Cuban President Raul Castro

The 90-day period in which U.S. President Donald Trump pledged to alter trade regulations with Cuba expired in mid-September, and private industry and State Department officials have no indication when changes will be announced.

Nor has Washington met a promised 30-day deadline to “initiate a process to adjust current regulations regarding transactions with Cuba,” kicking off that 90-day redefinition.

“This process is still actively under way, and while we don’t have a specific date yet for when those revised regulations will be publicly released, we anticipate it will be in the coming months,” a Treasury Department official, asking anonymity, told the Cayman Compass.

“We will issue a public announcement and guidance on our website once the regulations are released,” he said, specifying that both Treasury and the Department of Commerce’s Office of Foreign Asset Control “will roll out the new regulations at the same time.”

In June 16 remarks in Miami, President Trump vowed to roll back Obama-era trade rules, calling the former president’s 2014 opening to Havana a “terrible and misguided deal.”

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“We will not be silent in the face of communist oppression any longer,” Mr. Trump told a “Little Havana” crowd in Miami. “Effective immediately, I am canceling the last administration’s completely one-sided deal with Cuba.”

However, Cuba-trade experts say there has been little indication of what the changes might be or when they will become effective.

Emilio Morales, CEO and president of The Havana Consulting Group in Miami told the Compass his company “has not been disclosed anything about the measures. We, like you, are waiting for the announcement.”

The Havana Consulting Group, founded 20 years ago, is “a consulting firm focusing primarily on the Cuban economy and on the Cuban market,” according to its website.

Washington-based law firm Greenberg Traurig, adviser to The Havana Consulting Group and to the Washington-based U.S.-Cuba Chamber of Commerce, will offer an Oct. 27 seminar titled “Inside Cuba Business Briefing.”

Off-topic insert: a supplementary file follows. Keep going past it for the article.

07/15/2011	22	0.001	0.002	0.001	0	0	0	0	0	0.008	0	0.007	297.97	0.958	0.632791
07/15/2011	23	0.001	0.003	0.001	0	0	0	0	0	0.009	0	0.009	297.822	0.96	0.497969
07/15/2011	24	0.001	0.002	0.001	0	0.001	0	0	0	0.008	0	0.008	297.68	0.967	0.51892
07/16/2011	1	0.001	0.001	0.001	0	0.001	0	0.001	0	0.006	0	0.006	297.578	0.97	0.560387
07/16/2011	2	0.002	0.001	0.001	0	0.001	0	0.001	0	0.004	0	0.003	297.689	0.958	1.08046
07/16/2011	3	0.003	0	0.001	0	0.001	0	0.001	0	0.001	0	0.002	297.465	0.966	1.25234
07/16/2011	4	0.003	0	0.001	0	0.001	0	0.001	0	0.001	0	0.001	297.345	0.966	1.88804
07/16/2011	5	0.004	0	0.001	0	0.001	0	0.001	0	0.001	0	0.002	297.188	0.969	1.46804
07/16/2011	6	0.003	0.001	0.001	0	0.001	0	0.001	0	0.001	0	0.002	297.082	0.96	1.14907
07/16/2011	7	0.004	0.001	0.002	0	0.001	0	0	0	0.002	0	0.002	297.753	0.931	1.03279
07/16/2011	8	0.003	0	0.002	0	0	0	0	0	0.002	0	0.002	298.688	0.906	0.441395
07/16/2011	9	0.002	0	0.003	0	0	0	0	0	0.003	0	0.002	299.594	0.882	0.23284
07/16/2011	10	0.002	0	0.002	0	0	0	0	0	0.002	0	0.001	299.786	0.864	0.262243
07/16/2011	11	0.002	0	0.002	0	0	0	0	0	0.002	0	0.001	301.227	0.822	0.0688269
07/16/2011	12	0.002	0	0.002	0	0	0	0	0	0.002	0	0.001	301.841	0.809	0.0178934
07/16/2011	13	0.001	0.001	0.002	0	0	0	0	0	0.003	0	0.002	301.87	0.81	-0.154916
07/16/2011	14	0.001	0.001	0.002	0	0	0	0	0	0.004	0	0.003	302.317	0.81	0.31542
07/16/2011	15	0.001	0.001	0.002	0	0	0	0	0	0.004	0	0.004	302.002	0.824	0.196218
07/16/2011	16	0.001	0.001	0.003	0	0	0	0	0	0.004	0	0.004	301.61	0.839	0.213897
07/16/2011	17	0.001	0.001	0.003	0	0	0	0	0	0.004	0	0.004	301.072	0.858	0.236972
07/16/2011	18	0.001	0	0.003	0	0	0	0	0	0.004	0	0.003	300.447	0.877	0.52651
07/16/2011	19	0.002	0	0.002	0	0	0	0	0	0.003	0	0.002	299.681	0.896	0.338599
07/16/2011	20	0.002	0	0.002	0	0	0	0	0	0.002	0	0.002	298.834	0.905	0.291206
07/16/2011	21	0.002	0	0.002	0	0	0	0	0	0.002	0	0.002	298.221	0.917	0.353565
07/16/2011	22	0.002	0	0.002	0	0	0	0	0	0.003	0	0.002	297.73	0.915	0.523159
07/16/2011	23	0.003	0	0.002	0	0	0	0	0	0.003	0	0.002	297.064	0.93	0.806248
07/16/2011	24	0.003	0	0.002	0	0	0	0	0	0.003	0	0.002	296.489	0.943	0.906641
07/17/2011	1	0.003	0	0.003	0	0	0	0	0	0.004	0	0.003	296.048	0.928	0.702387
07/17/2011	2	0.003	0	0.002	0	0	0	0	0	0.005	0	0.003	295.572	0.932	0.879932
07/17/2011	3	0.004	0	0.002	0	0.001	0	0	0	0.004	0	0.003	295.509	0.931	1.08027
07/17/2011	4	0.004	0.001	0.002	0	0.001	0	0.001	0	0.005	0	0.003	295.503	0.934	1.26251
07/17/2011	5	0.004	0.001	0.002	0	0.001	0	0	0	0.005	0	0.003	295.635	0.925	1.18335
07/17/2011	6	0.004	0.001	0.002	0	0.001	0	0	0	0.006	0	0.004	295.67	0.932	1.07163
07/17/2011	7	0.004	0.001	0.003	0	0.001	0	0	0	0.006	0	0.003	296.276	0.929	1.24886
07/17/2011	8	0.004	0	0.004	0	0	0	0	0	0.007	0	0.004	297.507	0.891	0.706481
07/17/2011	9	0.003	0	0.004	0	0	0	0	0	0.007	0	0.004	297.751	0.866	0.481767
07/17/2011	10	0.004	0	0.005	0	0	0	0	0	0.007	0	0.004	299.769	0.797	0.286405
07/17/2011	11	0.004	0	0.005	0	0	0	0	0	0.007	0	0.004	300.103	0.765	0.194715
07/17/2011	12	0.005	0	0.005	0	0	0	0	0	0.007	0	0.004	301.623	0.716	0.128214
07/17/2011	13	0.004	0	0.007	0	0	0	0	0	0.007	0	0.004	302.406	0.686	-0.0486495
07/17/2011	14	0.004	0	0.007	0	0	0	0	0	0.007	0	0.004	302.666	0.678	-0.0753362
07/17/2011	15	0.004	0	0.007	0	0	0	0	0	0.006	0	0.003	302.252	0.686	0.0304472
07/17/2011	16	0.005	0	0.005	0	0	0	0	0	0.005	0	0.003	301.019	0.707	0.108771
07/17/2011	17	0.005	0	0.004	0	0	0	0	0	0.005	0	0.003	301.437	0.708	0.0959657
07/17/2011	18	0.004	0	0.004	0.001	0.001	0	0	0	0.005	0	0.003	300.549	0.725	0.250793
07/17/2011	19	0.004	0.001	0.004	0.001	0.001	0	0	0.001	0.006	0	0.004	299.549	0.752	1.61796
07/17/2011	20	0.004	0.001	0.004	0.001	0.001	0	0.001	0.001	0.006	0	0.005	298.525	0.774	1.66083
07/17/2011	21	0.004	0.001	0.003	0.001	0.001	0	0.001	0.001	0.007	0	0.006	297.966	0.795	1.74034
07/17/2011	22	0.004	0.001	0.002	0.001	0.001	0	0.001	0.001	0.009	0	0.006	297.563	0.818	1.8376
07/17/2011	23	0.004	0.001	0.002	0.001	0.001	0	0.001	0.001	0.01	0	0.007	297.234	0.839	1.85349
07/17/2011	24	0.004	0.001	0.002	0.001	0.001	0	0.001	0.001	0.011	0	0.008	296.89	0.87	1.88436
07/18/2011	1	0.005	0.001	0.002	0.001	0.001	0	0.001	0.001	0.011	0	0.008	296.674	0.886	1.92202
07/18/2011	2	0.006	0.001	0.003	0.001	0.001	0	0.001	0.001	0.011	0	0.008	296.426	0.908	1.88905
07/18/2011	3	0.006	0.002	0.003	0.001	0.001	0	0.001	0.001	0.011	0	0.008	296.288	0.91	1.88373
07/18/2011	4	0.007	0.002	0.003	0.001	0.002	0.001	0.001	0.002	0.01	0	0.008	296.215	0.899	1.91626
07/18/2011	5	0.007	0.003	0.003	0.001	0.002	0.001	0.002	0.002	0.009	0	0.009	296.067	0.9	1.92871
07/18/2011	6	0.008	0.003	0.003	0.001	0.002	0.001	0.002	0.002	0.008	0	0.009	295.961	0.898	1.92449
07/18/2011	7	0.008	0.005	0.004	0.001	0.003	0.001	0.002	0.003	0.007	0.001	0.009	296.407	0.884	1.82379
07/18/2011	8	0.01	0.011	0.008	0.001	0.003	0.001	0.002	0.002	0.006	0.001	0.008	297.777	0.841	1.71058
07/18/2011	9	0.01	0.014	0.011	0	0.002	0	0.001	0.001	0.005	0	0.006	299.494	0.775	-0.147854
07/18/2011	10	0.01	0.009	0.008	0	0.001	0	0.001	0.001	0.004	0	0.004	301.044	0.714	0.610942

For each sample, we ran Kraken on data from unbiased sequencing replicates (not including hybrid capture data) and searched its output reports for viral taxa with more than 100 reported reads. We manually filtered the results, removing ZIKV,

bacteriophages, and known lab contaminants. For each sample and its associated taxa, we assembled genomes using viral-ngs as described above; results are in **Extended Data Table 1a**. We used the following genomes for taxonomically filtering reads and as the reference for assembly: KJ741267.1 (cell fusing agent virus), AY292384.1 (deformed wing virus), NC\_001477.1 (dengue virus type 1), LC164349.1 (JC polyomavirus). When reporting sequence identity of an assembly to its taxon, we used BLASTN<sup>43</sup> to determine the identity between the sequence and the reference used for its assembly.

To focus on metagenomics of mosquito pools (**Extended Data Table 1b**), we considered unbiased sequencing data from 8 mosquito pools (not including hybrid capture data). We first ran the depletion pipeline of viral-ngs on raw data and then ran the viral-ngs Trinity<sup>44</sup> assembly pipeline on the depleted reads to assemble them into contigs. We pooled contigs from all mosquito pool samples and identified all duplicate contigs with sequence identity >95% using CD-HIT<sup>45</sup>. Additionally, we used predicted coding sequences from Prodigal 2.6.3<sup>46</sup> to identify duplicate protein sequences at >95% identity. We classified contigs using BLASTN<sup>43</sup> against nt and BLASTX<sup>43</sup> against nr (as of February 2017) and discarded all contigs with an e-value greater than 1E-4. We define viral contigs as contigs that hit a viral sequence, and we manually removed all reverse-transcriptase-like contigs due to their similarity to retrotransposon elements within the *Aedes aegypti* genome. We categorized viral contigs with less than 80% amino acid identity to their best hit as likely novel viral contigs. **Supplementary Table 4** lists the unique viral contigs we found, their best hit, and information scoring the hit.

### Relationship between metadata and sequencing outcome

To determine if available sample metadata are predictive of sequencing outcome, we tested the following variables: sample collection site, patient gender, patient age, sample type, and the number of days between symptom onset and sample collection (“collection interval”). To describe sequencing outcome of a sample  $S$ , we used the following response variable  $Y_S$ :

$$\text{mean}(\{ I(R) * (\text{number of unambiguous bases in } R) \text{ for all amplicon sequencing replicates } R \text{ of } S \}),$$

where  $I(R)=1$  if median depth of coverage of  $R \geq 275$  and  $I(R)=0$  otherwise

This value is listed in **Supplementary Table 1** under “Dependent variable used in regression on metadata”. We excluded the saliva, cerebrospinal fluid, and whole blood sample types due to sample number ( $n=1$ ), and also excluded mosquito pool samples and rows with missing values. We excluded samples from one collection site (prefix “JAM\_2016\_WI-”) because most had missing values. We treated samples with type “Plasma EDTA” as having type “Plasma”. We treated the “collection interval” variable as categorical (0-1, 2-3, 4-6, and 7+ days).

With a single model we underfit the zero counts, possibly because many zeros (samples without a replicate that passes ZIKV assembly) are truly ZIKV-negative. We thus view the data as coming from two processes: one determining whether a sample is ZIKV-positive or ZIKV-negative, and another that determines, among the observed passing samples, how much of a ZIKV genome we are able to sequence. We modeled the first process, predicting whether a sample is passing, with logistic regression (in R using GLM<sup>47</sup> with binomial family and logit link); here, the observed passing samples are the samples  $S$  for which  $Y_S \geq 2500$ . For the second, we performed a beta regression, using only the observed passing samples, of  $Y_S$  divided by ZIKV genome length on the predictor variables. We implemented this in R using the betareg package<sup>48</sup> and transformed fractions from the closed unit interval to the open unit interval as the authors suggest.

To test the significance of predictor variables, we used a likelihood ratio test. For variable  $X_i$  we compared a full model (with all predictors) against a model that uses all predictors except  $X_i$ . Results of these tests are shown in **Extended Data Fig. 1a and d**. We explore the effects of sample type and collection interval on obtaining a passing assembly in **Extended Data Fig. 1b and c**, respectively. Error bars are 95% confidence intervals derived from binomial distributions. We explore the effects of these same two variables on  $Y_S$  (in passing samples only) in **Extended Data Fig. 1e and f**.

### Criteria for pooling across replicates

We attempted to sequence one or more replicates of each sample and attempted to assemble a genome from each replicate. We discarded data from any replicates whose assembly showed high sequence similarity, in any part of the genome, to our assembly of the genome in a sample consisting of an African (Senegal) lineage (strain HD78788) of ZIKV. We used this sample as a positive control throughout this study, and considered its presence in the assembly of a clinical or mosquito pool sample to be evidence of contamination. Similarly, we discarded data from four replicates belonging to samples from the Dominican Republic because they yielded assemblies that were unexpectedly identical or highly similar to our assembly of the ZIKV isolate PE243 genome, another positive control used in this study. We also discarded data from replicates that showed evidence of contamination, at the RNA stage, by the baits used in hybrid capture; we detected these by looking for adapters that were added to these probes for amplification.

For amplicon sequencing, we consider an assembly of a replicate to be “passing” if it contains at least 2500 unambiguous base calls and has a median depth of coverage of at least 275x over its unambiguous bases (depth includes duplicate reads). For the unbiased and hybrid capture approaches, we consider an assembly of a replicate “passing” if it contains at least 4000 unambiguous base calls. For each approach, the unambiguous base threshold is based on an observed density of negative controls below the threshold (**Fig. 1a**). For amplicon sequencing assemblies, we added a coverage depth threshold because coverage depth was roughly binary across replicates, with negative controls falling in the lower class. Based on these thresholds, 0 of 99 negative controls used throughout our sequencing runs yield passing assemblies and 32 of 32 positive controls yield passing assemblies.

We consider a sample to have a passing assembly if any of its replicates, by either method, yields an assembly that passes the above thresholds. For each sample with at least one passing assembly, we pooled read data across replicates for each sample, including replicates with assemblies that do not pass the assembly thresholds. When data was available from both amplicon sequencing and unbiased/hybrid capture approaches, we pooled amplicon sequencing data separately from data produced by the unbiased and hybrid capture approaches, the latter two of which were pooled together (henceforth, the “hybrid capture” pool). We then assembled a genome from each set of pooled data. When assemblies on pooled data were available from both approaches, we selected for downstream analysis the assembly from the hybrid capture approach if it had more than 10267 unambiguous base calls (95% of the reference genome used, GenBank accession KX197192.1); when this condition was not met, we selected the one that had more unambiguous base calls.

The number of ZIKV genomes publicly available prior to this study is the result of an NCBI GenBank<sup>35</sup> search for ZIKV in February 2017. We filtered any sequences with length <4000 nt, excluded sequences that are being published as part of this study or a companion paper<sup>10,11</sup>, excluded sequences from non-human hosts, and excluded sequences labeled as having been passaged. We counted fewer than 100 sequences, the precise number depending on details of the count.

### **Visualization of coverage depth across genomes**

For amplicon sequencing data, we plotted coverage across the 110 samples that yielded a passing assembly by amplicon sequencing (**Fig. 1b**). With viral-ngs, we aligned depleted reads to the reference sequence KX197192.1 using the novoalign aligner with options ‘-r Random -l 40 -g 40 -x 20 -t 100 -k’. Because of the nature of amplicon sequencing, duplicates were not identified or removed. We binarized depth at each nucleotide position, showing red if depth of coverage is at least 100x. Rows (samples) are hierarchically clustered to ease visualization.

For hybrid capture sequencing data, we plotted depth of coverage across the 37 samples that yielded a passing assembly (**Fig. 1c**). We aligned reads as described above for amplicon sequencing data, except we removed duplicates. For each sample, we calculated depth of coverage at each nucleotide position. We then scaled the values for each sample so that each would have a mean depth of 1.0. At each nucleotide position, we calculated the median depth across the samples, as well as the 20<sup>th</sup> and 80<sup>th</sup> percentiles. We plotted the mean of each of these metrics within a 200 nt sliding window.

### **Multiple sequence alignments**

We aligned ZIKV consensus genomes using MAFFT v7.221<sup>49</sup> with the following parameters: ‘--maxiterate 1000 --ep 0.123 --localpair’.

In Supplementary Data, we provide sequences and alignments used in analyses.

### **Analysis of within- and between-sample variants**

The firm declined to answer questions about the briefing or new trade regulations, but U.S.-Cuba Chamber of Commerce President Margaret Pulles Machado said the group had “no new information at this time regarding upcoming revisions to U.S.-Cuba policies,” but hoped the presence of “a representative from the State Department and Treasury Office of Foreign Assets Control (OFAC) at our briefing on Oct. 27” would “address this and other issues.”

Mr. Morales said that while The Havana Consulting Group did not “really know the reasons why the announcement of these measures has been delayed … we consider that there is a high probability that the announcement will be made before Oct. 27.”

The issue of trade regulations, however, “belongs to [Treasury’s] OFAC and they are the ones who decide where and when they are going to make the announcement.

President of the New York-based U.S.-Cuba Trade and Economic Council John Kavulich said the new rules “were expected by now,” but “OFAC is overwhelmed with other issues.”

In a lengthy post on his website, Mr. Kavulich wrote “The Office of Foreign Assets Control (OFAC) of the United States Department of the Treasury, the Bureau of Industry and Security (BIS) of the United States Department of Commerce, and the United States Department of State are (were) expected to issue regulations and lists of entities within the Republic of Cuba that are controlled (owned/operated) by the Revolutionary Armed Forces (FAR) of the Republic of Cuba.

“These entities would be prohibited from engagement,” he said, but noted “OFAC and BIS did issue statements suggesting that existing operational agreements with FAR-controlled entities by airlines, cruise lines, tour operators and travel agents would be permitted to continue.

“Principally, the reasons are what the Obama Administration and the Castro Administration failed to implement relating to commerce. He said not enought had been authorized by either government, “which created a landscape for the Trump administration to be disruptive.”

This has caused “continuing bilateral ambiguity,” Mr. Kavulich said, calling it “exceedingly negative in all respects,” especially in regard to bilateral commerce, and said it would “likely continue, unabated, through Feb. 24 next year, when Cuban President Raul Castro is scheduled to retire.”

He pointed out that the Four Points Sheraton Havana is managed by Starwood Hotels and Resorts Worldwide, a subsidiary of Marriott International, but owned by FAR.

Marriott International Director of Public Relations and Social Media for the Caribbean & Latin America Kerstin Sachle told the Compass the company was “not aware that new rules have been released by the administration and therefore cannot comment on the impact on our operations.”

Mr. Kavulich said Havana’s Minister of Foreign Affairs Bruno Rodriguez met U.S. Secretary of State Rex Tillerson in Washington on Sept. 27, and Josefina de la Caridad Vidal Ferreiro, Cuba’s director general of the Department of the United States had “bilateral meetings” at the State Department on Sept. 19.

“There is no published information as to meetings with representatives of the United States business community, no published information as to meetings with representatives of organizations, no published information as to meetings with officials of state governments, and no published information as to meetings with Members of Congress,” Mr. Kavulich said.

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